Workforce Planning Report 2016


This special report, produced by the Research & Planning (R&P) section of the Wyoming Department of Workforce Services (DWS) in partnership with Wyoming Workforce Development Council, provides a snapshot of the labor market analysis component for Wyoming’s Workforce Innovation and Opportunity Act Unified State Plan.

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Chapter 1: Economic Analysis

In the fall of 2015, Wyoming’s economy was exposed to a substantial decline in the prices of oil, an extended period of low natural gas prices, and the erosion in the price of coal. While the recent dramatic decrease in oil prices and the developing reduction in the demand for other carbon-based fuels drove the demand for labor in mining sharply downward beginning in the early spring of 2015, it also appears that the structure of demand for these commodities has made an historic turn affecting the long-run future trend for labor.

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Chapter 2: Global Demand for Oil, Gas, and Coal

Mining is a major economic engine of the Wyoming economy, both in direct employment and all industries that stem from this activity (e.g. transportation, food service, accommodation, etc.). Coal and oil/natural gas are the predominant drivers. Therefore, market conditions for these three commodities are very important to the Wyoming economy in terms of employment, gross state product, and government revenue. This chapter discusses the current situation and short-term forecasts for these three commodities.

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Chapter 4: Initial Unemployment Insurance Claims Increase 22.9% in 2015

Wyoming’s unemployment insurance claims have historically been correlated to oil, gas, and coal prices. Low energy prices have persisted for more than a year, leading to questions about Wyoming’s economic future. This chapter describes the 2015 trends in unemployment insurance (UI) claims data and compares them to the previous downturn of 2009.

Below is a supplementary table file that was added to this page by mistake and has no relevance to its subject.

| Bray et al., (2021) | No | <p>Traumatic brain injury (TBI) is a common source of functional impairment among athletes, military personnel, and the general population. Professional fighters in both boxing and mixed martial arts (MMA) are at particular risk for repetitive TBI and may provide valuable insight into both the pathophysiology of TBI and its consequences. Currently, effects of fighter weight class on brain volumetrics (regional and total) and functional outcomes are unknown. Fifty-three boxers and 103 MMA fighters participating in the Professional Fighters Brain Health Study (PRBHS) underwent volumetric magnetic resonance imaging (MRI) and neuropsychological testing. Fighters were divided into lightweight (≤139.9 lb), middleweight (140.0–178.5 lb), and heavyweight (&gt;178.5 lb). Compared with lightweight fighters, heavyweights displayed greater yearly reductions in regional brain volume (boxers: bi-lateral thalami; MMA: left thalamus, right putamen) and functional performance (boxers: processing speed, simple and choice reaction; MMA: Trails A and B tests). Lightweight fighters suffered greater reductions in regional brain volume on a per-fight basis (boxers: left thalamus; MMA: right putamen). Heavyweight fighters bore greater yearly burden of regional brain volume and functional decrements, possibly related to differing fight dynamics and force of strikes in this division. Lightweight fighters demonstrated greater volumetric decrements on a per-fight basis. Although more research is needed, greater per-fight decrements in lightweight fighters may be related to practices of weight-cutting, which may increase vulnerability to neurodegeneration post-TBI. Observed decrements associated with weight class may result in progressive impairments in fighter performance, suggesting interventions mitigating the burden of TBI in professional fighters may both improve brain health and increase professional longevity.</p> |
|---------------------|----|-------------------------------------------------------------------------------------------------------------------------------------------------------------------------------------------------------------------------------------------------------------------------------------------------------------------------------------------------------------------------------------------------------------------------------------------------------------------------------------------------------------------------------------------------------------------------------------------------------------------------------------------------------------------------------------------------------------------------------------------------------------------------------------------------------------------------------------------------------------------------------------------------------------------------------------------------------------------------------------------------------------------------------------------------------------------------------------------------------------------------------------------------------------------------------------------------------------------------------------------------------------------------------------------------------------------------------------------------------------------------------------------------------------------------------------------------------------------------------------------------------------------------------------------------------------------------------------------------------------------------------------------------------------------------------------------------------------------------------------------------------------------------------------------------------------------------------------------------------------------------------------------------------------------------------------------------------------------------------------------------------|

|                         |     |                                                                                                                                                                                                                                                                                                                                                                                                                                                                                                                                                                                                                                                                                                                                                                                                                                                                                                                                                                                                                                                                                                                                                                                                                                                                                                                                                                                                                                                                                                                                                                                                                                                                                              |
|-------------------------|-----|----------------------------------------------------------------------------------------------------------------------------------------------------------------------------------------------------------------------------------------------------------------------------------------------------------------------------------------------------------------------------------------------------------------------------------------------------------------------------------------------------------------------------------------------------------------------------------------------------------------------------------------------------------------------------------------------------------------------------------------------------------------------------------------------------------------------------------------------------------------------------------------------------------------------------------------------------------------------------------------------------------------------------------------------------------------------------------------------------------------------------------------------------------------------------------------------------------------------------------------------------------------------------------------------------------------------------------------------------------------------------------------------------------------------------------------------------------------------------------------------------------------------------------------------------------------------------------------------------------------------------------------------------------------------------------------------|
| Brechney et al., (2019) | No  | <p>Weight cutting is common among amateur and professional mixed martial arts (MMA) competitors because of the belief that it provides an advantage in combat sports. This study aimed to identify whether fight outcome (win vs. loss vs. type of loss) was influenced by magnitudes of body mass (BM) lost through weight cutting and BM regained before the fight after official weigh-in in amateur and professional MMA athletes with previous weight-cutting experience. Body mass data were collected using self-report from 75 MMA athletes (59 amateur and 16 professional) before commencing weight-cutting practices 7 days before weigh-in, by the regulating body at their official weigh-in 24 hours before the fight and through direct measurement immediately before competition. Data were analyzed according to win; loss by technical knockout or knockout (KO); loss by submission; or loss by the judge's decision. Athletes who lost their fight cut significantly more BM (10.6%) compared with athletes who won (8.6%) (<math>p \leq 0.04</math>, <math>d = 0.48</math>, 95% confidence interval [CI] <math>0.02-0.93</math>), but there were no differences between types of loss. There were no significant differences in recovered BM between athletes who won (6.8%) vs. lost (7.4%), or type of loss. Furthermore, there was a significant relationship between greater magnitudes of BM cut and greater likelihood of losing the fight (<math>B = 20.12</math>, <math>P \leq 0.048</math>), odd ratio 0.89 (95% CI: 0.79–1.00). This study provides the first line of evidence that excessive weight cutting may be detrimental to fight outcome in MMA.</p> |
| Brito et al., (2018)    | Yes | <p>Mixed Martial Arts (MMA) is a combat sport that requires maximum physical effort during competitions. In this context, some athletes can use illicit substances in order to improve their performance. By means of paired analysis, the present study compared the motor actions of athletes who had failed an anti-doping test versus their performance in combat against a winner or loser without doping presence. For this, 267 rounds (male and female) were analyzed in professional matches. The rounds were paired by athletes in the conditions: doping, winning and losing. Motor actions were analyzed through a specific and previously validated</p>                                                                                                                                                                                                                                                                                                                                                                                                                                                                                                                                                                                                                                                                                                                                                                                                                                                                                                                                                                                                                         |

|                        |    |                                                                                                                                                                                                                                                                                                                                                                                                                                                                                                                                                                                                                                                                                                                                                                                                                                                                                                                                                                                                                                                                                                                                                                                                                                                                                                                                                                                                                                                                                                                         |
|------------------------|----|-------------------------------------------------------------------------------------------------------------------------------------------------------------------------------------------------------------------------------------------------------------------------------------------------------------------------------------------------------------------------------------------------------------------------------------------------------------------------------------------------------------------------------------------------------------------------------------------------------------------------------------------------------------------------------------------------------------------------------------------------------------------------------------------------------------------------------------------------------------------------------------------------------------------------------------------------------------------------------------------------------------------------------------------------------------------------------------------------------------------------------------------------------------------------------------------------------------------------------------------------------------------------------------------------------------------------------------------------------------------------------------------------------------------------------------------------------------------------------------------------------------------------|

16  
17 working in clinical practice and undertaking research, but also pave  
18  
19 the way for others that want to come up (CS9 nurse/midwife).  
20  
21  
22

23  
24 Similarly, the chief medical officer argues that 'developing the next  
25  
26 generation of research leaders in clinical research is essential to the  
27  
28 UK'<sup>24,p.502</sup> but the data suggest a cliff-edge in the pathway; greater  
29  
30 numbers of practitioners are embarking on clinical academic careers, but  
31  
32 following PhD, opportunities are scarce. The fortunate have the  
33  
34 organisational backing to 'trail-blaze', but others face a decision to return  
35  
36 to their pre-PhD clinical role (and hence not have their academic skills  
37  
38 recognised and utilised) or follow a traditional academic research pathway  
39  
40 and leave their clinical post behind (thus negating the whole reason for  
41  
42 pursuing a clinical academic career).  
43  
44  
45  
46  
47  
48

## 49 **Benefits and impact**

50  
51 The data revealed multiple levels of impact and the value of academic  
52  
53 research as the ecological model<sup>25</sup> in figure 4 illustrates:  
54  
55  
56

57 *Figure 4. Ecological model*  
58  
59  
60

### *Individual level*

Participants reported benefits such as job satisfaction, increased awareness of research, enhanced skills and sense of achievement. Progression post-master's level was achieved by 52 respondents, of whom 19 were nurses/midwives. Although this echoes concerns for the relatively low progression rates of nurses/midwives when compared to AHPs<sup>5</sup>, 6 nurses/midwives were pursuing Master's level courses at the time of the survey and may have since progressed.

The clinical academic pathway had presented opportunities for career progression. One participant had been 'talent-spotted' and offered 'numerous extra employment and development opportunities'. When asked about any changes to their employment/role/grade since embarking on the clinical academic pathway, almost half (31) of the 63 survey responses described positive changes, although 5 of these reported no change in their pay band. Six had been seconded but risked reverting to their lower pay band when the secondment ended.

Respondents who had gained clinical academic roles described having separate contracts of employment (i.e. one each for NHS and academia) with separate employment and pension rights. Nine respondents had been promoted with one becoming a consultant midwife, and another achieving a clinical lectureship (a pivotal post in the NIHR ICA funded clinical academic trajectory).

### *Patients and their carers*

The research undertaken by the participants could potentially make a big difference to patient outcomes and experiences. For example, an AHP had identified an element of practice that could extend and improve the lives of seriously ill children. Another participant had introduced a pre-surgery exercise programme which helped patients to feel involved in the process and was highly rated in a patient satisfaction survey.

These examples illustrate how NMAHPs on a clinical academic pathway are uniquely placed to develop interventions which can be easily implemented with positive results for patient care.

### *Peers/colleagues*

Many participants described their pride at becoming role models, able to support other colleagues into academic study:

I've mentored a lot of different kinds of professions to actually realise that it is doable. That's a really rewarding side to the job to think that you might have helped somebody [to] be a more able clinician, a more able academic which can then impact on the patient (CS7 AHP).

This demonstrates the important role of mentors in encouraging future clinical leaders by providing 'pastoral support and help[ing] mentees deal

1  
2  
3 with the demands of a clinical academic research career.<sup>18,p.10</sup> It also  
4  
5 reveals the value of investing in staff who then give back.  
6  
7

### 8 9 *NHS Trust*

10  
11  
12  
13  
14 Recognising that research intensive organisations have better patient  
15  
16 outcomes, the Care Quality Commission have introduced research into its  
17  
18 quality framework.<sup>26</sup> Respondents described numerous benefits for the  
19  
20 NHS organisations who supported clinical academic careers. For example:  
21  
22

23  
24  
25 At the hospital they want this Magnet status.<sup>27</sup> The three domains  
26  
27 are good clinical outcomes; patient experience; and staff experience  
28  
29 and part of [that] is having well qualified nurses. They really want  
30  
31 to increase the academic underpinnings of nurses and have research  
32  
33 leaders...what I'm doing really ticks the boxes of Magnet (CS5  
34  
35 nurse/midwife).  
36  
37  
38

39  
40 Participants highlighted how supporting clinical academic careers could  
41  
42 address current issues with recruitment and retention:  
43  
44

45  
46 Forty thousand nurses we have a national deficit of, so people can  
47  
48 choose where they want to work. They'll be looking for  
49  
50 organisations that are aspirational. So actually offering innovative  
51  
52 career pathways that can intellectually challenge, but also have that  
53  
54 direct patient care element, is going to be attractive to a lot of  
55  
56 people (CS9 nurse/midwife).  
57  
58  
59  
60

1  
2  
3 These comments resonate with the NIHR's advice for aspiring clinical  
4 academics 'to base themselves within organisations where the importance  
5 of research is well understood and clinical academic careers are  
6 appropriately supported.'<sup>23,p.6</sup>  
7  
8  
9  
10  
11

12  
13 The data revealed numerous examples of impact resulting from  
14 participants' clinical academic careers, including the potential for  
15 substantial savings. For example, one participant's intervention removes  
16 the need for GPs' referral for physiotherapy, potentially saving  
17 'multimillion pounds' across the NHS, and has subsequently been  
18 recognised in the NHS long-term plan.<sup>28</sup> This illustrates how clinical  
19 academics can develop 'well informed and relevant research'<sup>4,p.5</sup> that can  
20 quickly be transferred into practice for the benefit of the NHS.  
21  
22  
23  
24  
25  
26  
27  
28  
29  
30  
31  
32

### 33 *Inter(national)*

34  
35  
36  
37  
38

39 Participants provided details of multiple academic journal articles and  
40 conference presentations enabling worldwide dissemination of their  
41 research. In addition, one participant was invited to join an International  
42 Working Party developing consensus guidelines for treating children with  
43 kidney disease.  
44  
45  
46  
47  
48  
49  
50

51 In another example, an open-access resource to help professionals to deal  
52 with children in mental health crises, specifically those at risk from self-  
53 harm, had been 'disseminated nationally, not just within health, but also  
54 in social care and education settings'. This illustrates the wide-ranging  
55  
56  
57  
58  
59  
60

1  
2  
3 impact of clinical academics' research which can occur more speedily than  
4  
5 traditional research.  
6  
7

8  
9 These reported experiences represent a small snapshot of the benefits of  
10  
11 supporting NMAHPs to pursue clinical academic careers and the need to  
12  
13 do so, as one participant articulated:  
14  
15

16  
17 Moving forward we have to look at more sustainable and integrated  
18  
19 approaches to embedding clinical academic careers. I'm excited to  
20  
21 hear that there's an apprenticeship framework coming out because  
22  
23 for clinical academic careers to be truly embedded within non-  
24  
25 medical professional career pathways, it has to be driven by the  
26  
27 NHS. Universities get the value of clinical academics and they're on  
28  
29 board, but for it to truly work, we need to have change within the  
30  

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Chapter 5: Wyoming Employment Growth Lags Behind Surrounding States

Wyoming has a porous labor market and competes for labor with other states that have more complex economies. Some Wyoming residents commute to other states for work, and Wyoming employers rely on workers from other states to fill a relatively large number of jobs. During 2015Q3, employment growth for Colorado and Utah was nearly 4% from 2014Q2, while Wyoming’s employment contracted by nearly 2%.

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Chapter 6: Wyoming Employment and Sector Analyses

Because of Wyoming’s dependence on oil, coal, and gas, the existing demand for labor relies heavily on commodity prices and production. Since the year 2000, there have been two large commodity price changes: the first during the latter half of the U.S. Great Recession, 2007 to 2009 and the second in late 2014 and early 2015. The over-the-year percentage change in average monthly employment in Wyoming closely follows the price of oil.

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Table of Contents

April 2016, Vol. 53 No. 4

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Monthly and Quarterly Tables and Figures